The design of Roedde House is attributed to the early B.C. architect Francis M. Rattenbury, notable for his work on the Parliament Buildings and Empress Hotel in Victoria and for Vancouver’s Art Gallery (formerly the Court House). The house is conceived in a simple Queen Anne Revival style with a cupola, bay windows, an upstairs porch and a downstairs veranda.
Roedde House is located in Barclay Heritage Square, a unique park site developed by the Vancouver Board of Parks and Recreation. The park includes nine historic West End houses dating from 1890 to 1908, retained in their original settings and complete with period landscaping and gardens.
More on Matilda’s place of origin. HELIGOLAND.
During the middle ages most of Europe lived in a feudal system where lords ruled and serfs obeyed. Feudalism never took hold in Heligoland which had a population of less than 2,000, because the land itself generated no wealth. It was the sea which provided islanders with their livelihood and lords could not rule the sea.
For centuries some 200 islanders, a domestic oligarchy of men, met as a group, and decided what the rules of conduct and laws governing the island and its residents should be. This group decided who amongst them should be elected or dismissed from positions of governance. In general, the islanders were quite autonomous and only answerable to themselves. They also collected money and developed a social security system which provided funds to the islands infirm and elderly.
In the 14th century the Island lost its foreign autonomy first to Germany, then in 1714 to Denmark and in 1807 it became a British protectorate. The population of Heligoland adapted quite well to the benign role that England played in Heligoland’s internal affairs during this period. England’s interest in Heligoland was primarily to maintain a presence because of Germany’s growing military might and it was quite happy to provide a wide degree of latitude in how the islanders chose to govern themselves. During this period the population of Heligoland continued to earn their livelihood from fishing and marketed much of their catch in Germany. Increased shipping on the high seas also meant that the number of ships running aground on reefs near Heligoland increased and salvaging became a more significant source of income. A number of Heligolanders also saw another opportunity based upon their knowledge of the ocean. They established a stringent certification process to license locals as pilots and by 1843 some 350 Heligolanders were self-employed guiding ships to the ports of Bremen and Hamburg.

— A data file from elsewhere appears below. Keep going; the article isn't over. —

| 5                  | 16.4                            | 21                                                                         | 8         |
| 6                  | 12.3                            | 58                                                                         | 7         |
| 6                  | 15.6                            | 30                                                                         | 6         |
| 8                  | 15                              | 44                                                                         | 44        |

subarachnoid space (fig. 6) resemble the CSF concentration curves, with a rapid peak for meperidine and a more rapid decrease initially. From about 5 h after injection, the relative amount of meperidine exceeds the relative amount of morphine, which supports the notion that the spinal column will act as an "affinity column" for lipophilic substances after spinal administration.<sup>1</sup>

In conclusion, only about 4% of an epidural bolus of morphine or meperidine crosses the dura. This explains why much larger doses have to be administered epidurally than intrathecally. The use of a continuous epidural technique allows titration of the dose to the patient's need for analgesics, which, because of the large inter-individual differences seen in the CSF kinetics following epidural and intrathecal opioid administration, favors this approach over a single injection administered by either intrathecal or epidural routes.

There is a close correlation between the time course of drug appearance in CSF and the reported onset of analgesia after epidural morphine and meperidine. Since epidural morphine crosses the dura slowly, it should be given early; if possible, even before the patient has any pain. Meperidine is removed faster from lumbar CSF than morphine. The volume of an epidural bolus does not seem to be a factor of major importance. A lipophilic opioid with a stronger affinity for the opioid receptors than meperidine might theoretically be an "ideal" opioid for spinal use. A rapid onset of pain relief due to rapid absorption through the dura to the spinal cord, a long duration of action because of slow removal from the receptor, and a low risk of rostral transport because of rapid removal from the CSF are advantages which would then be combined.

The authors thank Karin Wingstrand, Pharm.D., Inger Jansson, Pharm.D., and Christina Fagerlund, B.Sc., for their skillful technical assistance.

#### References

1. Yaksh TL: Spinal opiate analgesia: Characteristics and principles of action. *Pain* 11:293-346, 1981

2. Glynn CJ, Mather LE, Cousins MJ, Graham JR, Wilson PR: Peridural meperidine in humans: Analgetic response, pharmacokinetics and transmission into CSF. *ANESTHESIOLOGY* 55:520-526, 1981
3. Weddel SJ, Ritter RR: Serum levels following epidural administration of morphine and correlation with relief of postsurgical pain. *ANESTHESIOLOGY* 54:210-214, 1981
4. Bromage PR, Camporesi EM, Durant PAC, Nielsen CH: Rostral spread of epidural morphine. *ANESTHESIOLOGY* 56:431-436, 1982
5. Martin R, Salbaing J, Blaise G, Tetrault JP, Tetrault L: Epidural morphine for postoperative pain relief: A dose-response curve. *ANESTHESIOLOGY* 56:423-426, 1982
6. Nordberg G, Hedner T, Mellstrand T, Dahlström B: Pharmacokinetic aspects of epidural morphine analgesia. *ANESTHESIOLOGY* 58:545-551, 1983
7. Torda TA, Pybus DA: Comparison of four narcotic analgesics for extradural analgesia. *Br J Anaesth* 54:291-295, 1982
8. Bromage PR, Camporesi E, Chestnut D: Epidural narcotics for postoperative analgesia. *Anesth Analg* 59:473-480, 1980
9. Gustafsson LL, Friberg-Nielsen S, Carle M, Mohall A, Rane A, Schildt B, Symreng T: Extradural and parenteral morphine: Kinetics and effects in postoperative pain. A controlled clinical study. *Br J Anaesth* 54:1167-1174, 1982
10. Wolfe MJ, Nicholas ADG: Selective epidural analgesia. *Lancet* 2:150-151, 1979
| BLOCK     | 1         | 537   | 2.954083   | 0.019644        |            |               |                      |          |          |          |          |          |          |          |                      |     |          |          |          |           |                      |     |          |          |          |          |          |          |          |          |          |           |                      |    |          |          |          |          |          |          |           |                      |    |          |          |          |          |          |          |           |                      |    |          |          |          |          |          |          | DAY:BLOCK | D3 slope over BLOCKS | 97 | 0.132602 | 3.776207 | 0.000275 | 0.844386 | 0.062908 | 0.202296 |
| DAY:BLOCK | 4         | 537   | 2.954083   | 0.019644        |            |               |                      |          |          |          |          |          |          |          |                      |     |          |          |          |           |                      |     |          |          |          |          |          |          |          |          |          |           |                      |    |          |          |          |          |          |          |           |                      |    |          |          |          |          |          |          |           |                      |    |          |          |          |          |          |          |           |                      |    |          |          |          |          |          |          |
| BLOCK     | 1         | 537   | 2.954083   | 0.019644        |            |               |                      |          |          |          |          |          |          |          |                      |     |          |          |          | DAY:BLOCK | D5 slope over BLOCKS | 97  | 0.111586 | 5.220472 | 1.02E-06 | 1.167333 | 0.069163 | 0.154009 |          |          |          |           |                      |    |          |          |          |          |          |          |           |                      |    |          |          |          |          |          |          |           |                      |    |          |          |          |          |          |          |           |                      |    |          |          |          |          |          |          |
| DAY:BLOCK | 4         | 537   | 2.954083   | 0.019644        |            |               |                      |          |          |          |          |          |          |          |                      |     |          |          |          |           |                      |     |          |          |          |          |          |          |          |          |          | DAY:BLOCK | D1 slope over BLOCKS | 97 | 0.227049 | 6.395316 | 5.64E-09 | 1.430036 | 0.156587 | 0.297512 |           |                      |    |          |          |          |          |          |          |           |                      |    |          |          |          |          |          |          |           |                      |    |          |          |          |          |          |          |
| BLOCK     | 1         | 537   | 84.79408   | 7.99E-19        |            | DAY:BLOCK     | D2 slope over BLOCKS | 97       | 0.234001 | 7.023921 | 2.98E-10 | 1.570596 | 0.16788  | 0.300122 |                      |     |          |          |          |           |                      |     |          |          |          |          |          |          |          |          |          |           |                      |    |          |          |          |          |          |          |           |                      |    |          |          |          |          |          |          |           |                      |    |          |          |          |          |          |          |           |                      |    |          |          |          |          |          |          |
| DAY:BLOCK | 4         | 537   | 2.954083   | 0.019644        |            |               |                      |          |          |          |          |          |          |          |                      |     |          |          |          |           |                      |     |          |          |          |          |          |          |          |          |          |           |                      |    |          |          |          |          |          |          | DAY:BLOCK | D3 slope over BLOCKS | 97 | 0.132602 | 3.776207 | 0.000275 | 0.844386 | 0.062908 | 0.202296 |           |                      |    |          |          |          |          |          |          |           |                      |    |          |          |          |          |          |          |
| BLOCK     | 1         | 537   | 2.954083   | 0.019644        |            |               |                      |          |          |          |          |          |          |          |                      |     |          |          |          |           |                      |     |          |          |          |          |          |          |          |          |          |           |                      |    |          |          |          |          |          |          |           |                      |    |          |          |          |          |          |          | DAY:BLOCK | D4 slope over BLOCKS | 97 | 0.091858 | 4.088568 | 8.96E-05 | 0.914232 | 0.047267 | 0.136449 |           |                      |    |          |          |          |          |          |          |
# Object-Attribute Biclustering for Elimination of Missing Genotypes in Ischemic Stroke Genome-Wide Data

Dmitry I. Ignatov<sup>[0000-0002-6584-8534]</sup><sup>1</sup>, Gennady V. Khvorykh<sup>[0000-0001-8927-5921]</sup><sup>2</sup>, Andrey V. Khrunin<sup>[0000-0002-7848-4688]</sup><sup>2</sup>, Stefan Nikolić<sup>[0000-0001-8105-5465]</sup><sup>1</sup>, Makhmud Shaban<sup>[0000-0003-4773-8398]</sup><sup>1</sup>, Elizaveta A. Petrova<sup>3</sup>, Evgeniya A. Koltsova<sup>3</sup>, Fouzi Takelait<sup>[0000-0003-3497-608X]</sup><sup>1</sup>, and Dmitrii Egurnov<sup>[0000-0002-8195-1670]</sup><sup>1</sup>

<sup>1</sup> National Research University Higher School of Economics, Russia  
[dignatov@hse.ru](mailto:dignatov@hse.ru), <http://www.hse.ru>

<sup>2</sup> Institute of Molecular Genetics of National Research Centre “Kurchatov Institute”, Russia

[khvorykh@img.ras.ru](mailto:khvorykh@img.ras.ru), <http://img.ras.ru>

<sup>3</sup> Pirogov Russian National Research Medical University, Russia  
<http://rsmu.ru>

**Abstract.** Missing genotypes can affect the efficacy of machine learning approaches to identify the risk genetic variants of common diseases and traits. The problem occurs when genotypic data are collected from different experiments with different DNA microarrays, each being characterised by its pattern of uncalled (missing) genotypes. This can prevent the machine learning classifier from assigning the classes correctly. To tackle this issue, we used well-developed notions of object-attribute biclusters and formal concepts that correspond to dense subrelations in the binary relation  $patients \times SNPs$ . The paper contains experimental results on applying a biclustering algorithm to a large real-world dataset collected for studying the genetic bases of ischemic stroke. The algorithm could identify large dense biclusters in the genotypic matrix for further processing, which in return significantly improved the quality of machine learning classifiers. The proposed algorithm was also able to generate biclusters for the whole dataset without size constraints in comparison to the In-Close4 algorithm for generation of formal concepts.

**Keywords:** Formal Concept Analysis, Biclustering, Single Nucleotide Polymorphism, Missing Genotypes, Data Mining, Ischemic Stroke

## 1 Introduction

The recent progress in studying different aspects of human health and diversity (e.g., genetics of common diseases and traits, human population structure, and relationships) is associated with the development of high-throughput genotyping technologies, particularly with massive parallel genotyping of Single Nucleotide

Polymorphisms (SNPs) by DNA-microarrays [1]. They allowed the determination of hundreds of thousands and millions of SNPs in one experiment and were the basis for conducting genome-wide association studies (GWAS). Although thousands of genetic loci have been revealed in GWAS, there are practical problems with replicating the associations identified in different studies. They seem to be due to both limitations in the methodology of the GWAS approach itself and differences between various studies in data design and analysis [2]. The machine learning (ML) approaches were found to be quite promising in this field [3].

When Matilda was born, Heligolandic the indigenous language, was already falling into disuse. Many residents learned both English and German but we have been assured by Matilda’s granddaughter Kay that “Grandmother was brought up British”.
After 1890, when Britain traded Heligoland to Germany in exchange for Zanzibar, the day to day life of many Heligolanders changed dramatically. Germany began a very disruptive process of building military fortifications on the small island which greatly affected local life. German laws were imposed replacing the centuries old methods of local governance, the local population was forced to learn German and those born after 1890 were obliged to serve in the military the German military. During this period the islands indigenous social assistance program no longer had access to adequate income. Prior to W.W.1 Matilda sent monies to several sets of aging relatives still living on the island
The population of Heligoland had to be removed from the island during both World Wars because Germany had militarized the island to such an extent that the isolated island was now a conflict zone and civilians were no longer safe. Britain resumed control of Heligoland at the end of each World War and each time former residents of the island, fearful that Heligoland would be returned to Germany again, petitioned the British Government, and asked to be returned to Denmark, adding that if that was not possible they would prefer to come back under British rule. There pleas fell upon deaf ears, and Heligoland remains part of Germany today.